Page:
The lithium carbonate spot price just dropped to its lowest level since August 2021 at US$15,182 per tonne (p/t) amid low Chinese demand and increased global supply.
This represents an almost 80% fall in the carbonate price in 2023 alone.
Unsurprisingly, this has dragged down the value of ASX 200 lithium shares over this period:
- Core Lithium Ltd (ASX: CXO) shares are down 76%
- IGO Ltd (ASX: IGO) shares are down 42%
- Allkem Ltd (ASX: AKE) shares are down 23%
- Mineral Resources Ltd (ASX: MIN) shares are down 22%
- Pilbara Minerals Ltd (ASX: PLS) shares are down 7.5%
What's happening with lithium prices?
We've got a significant supply and demand situation right now, and it seems to be getting worse.
Top broker Goldman Sachs has put out a note lowering its 12-month forecast for lithium prices again.
The broker was tipping US$15,000 p/t for lithium carbonate but is now forecasting US$11,000 p/t.
It was also predicting US$16,500 p/t for lithium hydroxide and has reduced that to US$12,000 p/t.
As my Fool colleague James reports, Goldman reckons lithium prices won't bottom til 2025.
Fresh analysis from Trading Economics points to pessimism about electric vehicle (EV) sales in China — the world's biggest producer of EVs — as the key catalyst for continually falling lithium prices.
Trading Economics analysts explain:
EV sales pessimism in China limited lithium demand for battery manufacturers in their typical restocking season. Instead, firms took advantage of high inventories following the supply glut caused by extensive subsidies from the Chinese government throughout 2021 and 2022.
The developments drove key market players to forecast the next lithium deficit to return only in 2028 …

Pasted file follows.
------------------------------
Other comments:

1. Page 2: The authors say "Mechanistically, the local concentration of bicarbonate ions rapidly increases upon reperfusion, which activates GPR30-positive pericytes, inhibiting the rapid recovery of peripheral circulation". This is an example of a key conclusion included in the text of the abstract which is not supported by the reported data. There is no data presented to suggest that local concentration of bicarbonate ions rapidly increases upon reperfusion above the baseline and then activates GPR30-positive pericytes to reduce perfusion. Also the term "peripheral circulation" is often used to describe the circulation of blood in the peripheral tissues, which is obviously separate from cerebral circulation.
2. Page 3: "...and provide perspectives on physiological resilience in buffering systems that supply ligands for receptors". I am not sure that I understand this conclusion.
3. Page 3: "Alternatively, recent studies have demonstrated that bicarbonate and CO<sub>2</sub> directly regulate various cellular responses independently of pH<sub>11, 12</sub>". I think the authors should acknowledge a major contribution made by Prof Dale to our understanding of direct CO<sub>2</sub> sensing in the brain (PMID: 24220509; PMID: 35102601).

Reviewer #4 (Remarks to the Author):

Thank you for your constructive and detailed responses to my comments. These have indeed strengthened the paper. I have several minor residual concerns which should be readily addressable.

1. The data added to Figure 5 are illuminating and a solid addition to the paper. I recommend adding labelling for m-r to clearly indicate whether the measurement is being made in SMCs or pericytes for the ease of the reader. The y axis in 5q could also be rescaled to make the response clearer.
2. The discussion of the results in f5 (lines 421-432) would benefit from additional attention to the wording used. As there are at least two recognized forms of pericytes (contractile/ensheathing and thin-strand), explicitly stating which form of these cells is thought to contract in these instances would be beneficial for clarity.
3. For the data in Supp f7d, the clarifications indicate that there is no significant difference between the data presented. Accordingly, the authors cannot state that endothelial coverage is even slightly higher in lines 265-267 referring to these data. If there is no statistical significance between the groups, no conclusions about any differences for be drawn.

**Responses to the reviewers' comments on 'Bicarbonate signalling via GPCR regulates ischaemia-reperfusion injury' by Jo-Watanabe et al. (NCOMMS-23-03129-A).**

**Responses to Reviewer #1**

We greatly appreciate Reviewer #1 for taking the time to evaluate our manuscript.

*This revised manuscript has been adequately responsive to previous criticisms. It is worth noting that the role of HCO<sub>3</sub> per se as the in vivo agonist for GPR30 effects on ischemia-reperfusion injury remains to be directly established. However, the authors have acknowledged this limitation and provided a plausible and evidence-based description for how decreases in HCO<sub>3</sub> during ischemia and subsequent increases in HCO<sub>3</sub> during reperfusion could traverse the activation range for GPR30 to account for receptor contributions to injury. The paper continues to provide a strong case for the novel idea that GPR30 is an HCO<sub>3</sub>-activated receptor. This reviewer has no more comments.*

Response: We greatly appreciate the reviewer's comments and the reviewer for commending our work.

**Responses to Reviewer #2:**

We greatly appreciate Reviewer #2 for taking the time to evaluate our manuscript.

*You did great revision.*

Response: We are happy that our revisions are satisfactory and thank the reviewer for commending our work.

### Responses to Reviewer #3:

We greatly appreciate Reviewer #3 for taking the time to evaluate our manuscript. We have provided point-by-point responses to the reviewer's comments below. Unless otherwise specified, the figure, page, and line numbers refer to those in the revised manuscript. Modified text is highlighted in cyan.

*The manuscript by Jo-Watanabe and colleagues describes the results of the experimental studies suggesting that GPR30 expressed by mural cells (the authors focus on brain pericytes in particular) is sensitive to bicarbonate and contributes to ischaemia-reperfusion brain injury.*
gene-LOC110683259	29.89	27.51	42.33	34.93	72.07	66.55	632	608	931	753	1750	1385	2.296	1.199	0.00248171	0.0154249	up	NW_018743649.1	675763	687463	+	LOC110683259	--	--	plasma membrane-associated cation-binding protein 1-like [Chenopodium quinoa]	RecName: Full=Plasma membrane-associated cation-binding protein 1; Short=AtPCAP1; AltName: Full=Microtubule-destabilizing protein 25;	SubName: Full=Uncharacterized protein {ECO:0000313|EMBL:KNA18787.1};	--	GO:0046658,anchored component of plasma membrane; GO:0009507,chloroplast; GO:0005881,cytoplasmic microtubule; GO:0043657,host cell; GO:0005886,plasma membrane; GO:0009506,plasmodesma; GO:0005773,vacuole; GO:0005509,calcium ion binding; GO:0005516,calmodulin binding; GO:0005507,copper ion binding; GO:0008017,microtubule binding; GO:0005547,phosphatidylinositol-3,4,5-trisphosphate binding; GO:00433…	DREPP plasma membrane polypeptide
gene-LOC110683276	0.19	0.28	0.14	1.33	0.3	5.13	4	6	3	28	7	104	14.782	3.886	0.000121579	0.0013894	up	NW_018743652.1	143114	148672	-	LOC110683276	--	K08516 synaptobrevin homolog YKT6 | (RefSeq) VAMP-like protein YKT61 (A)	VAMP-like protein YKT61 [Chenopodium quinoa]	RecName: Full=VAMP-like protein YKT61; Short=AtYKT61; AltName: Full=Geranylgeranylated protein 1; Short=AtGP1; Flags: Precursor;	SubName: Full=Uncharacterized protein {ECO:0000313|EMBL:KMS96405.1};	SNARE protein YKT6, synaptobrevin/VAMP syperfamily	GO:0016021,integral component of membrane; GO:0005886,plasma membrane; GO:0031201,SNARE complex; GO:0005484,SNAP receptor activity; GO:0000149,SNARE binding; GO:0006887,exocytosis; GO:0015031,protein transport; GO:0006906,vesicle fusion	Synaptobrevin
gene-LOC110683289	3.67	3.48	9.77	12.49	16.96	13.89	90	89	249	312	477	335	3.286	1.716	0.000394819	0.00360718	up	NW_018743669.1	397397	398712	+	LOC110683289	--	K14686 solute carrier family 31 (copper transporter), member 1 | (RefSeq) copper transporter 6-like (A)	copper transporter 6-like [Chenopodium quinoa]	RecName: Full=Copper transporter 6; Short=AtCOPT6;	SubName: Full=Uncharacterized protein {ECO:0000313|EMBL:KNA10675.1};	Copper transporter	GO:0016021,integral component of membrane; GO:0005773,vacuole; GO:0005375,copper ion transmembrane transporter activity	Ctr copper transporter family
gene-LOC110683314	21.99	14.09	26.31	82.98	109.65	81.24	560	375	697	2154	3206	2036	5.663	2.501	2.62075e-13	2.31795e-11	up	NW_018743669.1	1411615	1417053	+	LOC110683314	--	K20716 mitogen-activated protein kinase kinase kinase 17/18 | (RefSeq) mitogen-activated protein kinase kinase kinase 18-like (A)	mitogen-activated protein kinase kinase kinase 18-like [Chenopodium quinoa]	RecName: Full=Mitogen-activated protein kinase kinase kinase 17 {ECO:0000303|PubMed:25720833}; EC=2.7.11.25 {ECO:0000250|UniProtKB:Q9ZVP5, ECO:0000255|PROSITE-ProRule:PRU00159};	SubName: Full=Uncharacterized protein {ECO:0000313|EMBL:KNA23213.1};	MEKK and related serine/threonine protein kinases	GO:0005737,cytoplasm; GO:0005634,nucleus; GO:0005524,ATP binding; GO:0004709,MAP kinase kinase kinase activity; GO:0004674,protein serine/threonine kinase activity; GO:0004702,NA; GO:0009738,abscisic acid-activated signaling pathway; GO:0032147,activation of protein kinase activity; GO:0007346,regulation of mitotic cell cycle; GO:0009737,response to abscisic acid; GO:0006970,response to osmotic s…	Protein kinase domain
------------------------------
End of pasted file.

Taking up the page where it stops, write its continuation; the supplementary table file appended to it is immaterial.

Elsewhere, the EV sales in the US have missed expectations as higher credit costs hampered consumers' willingness to make large purchases. Meanwhile, output is set to remain robust.
Reuters reports that CITIC Futures forecasts domestic EV sales in China to grow by 25% to 9.44 million units next year, slowing from annual growth of 31% and 89% in 2023 and 2022, respectively.
On top of that, a slower growth rate is also projected for the energy storage sector, which is the second-biggest consumer of lithium, because of softening demand, CITIC says.
Should you care?
The dramatic fall in lithium prices this year, coupled with bearish forecasts for 2024, makes for depressing reading. But the question is, should short-term lithium price issues influence our investment decisions?
The falling commodities values don't seem to be influencing the investment decisions of the biggest brains in Australian mining, not to mention some of the biggest lithium companies in the world.
In 2023, amid crashing lithium prices, they've all been vying for a bigger share of the Australian lithium pie.
Here are some examples.
Rinehart and Ellison have both been buying Azure Minerals Ltd (ASX: AZS) shares after the junior miner accepted a $3.52 per share takeover from Chilean lithium giant Sociedad Quimica y Minr de Chile SA (NYSE: SQM). Ellison now reckons the SQM takeover is "dead in the water".
Clearly, these giants of the lithium industry are thinking long-term.
It begs the question as to whether we ordinary ASX investors should be doing the same and ignoring the current white noise on lithium prices.
In fact, maybe we should welcome it.
It's driving ASX lithium share prices down, and perhaps that will give us a phenomenal one-off opportunity to buy the dip at some stage in a mining sector with a very bright future.
The decarbonisation investment theme has decades to run, with lithium batteries set to play a monstrous role in the green energy transition.